Section 2: Fashion

There are many who immediately think of fashion, when France is mentioned. Paris in particular features a number of famous clothing brands, holds the Paris Fashion Week and is known as the fashion capital where the newest trends are decided. It was the time of Louis XIV that France and fashion became so intertwined. Under the absolute monarchy, a gorgeous and flamboyant court culture flourished, and the fashions of France's royal court spread throughout Europe. In addition, the development of cloth, lace and other textile industries were another factor which lead to France becoming one of Europe's leading garment producing countries. From that point on until today, French fashion continues to be adored by many people the world over.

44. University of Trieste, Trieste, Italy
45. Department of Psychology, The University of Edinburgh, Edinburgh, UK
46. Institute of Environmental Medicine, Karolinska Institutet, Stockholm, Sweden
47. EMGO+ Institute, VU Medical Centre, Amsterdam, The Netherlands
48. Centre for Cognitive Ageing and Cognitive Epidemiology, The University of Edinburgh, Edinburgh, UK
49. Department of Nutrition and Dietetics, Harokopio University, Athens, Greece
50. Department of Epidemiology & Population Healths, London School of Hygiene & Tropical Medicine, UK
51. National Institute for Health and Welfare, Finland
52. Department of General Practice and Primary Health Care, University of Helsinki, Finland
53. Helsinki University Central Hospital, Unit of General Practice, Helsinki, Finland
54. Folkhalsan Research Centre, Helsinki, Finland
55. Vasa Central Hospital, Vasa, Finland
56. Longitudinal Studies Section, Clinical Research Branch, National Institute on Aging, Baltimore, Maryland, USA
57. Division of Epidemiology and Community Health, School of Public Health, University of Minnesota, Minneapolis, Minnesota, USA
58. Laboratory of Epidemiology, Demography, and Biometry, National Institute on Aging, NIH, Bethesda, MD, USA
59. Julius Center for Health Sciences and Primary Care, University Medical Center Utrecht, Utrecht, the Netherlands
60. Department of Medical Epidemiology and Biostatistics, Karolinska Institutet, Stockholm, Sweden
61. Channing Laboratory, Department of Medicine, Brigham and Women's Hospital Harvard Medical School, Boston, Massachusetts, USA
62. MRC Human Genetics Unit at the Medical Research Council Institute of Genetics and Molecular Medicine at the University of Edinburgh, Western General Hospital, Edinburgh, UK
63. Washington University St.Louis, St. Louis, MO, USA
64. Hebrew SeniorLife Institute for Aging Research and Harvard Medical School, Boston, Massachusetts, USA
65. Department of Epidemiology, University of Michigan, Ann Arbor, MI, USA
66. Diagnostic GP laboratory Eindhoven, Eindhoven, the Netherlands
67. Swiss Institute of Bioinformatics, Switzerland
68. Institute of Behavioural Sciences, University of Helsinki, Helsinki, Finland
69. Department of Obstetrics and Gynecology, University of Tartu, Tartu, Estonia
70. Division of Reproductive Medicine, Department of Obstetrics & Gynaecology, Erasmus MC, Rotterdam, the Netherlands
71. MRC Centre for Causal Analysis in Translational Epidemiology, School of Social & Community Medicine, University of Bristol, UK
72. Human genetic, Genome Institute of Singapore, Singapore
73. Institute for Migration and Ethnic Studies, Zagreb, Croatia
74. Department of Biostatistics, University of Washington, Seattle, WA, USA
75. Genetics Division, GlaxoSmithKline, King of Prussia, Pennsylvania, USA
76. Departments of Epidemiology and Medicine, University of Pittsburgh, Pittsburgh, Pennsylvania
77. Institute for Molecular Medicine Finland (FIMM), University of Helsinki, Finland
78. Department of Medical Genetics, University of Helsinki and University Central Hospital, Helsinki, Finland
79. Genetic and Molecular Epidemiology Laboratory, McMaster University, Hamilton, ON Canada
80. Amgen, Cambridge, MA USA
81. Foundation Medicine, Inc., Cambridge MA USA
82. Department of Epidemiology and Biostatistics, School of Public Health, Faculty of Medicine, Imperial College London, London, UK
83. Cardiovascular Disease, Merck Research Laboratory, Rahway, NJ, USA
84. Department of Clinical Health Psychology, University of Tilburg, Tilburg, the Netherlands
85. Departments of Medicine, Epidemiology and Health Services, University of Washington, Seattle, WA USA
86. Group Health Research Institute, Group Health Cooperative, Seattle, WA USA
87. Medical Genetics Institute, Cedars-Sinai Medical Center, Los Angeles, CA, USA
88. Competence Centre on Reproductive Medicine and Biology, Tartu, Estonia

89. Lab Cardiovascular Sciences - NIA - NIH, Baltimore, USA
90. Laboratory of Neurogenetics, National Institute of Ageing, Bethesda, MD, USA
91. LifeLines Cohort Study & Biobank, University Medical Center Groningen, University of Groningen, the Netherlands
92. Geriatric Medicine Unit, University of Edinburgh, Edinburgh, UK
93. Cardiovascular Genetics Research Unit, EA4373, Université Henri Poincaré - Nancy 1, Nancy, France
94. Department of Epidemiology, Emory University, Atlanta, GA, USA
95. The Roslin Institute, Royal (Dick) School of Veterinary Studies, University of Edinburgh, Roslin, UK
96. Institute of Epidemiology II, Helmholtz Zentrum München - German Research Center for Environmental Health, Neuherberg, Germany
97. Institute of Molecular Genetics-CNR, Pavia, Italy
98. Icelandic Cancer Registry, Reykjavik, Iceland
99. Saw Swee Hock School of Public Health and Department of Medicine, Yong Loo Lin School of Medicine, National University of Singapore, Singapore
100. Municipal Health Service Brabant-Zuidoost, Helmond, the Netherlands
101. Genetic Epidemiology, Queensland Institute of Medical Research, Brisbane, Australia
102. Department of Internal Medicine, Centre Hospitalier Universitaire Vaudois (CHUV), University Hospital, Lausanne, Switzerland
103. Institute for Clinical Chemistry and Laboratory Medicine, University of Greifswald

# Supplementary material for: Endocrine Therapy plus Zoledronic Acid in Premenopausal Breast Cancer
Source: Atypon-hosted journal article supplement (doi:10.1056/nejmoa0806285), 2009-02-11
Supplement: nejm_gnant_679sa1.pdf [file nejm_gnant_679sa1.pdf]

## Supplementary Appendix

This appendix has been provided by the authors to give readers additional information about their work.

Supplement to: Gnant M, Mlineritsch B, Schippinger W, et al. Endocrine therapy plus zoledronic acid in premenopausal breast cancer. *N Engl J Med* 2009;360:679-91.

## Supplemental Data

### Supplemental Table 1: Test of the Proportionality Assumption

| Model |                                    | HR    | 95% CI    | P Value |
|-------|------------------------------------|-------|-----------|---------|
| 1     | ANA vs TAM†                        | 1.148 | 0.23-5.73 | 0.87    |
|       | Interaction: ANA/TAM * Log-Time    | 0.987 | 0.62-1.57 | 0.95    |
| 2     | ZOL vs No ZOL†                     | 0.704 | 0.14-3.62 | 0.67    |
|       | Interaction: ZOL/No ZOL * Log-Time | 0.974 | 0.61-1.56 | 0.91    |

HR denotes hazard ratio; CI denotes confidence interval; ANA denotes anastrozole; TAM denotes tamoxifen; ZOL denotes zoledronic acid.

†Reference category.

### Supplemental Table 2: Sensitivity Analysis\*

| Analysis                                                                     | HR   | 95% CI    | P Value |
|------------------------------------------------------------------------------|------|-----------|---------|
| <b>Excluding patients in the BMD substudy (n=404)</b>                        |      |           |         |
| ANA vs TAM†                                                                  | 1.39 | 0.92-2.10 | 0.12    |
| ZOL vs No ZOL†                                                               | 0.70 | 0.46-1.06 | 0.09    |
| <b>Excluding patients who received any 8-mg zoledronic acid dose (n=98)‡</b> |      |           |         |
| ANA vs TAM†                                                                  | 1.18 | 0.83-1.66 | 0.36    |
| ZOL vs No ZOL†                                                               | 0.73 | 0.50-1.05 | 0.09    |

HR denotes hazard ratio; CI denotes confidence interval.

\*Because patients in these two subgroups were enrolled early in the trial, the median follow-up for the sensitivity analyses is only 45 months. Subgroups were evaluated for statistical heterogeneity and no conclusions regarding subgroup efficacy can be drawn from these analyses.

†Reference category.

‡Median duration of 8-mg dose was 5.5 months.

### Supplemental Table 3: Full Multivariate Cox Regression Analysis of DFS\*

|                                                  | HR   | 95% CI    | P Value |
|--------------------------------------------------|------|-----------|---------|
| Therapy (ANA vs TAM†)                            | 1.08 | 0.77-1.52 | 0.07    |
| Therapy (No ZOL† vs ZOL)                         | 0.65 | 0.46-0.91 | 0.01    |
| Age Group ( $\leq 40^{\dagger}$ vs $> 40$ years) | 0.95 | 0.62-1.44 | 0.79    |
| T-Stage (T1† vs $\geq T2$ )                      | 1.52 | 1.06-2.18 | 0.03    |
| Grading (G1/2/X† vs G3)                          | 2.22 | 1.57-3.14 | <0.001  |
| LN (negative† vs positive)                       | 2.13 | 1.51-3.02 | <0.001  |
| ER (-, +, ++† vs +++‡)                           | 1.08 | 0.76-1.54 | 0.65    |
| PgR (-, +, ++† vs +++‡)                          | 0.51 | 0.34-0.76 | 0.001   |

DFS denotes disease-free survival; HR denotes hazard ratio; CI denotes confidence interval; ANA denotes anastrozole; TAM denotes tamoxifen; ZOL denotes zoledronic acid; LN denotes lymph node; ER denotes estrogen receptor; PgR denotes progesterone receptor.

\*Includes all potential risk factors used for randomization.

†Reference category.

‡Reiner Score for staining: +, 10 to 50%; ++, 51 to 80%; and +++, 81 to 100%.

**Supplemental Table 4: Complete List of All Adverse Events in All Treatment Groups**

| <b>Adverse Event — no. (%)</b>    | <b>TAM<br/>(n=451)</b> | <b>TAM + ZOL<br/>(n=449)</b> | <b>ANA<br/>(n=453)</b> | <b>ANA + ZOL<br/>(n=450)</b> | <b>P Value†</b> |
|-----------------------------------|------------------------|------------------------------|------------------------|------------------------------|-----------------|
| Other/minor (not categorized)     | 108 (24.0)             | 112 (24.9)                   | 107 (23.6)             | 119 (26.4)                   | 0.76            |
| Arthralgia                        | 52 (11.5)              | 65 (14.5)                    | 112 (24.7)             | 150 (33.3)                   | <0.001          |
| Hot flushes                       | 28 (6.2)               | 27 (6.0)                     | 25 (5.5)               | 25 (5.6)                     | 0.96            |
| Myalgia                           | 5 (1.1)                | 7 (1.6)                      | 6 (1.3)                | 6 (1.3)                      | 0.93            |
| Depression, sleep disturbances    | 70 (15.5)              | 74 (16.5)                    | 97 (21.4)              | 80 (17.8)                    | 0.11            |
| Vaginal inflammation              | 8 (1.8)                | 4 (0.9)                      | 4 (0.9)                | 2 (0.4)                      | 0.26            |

France fashion influenced Japan from the very beginning of the adoption of Western clothing. Aiming to become a modern nation, the government actively adopted Western systems such as military, police and postal systems, and western clothing was used for the uniforms in these new systems. Among these new uniforms, court dress, ceremonial uniforms and army uniforms in particular utilized French designs.

The establishment of taireifuku

the specification of Taireifuku

Taireifuku oyobi tsūjōreifuku o sadame ikan o saifuku tonashi hitatare kariginu jōge tō o haisu (Hōrei zensho, Naikaku kampōkyoku, 1872 [CZ-4-1] )Digital Collections of Hōrei zensho

The taireifuku (court dress, full-dress uniform) established on November 12, 1872.